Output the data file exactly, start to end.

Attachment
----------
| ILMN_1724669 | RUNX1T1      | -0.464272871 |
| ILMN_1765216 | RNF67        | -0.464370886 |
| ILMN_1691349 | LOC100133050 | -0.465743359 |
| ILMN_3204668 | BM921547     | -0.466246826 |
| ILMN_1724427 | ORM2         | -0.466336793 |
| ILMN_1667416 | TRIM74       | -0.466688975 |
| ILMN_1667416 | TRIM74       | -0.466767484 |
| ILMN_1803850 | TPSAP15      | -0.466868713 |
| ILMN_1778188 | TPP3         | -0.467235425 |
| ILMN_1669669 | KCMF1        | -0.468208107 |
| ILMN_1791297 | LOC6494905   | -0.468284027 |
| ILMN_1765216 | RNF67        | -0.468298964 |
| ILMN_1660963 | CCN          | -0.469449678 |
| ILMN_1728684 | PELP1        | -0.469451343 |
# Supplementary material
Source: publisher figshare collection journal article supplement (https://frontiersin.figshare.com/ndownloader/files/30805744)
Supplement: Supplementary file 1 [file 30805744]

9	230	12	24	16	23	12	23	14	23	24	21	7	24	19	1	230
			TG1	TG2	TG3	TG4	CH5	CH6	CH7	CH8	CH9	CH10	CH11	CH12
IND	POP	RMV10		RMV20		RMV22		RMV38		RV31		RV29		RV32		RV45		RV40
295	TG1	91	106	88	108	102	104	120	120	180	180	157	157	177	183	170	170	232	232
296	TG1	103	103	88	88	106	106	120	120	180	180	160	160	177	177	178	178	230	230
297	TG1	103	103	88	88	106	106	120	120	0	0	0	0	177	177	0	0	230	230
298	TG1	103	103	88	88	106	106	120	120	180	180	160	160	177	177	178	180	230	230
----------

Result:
| ILMN_1724669 | RUNX1T1      | -0.464272871 |
| ILMN_1765216 | RNF67        | -0.464370886 |
| ILMN_1691349 | LOC100133050 | -0.465743359 |
| ILMN_3204668 | BM921547     | -0.466246826 |
| ILMN_1724427 | ORM2         | -0.466336793 |
| ILMN_1667416 | TRIM74       | -0.466688975 |
| ILMN_1667416 | TRIM74       | -0.466767484 |
| ILMN_1803850 | TPSAP15      | -0.466868713 |
| ILMN_1778188 | TPP3         | -0.467235425 |
| ILMN_1669669 | KCMF1        | -0.468208107 |
| ILMN_1791297 | LOC6494905   | -0.468284027 |
| ILMN_1765216 | RNF67        | -0.468298964 |
| ILMN_1660963 | CCN          | -0.469449678 |
| ILMN_1728684 | PELP1        | -0.469451343 |
# Supplementary material
Source: publisher figshare collection journal article supplement (https://frontiersin.figshare.com/ndownloader/files/30805744)
Supplement: Supplementary file 1 [file 30805744]

9	230	12	24	16	23	12	23	14	23	24	21	7	24	19	1	230
			TG1	TG2	TG3	TG4	CH5	CH6	CH7	CH8	CH9	CH10	CH11	CH12
IND	POP	RMV10		RMV20		RMV22		RMV38		RV31		RV29		RV32		RV45		RV40
295	TG1	91	106	88	108	102	104	120	120	180	180	157	157	177	183	170	170	232	232
296	TG1	103	103	88	88	106	106	120	120	180	180	160	160	177	177	178	178	230	230
297	TG1	103	103	88	88	106	106	120	120	0	0	0	0	177	177	0	0	230	230
298	TG1	103	103	88	88	106	106	120	120	180	180	160	160	177	177	178	180	230	230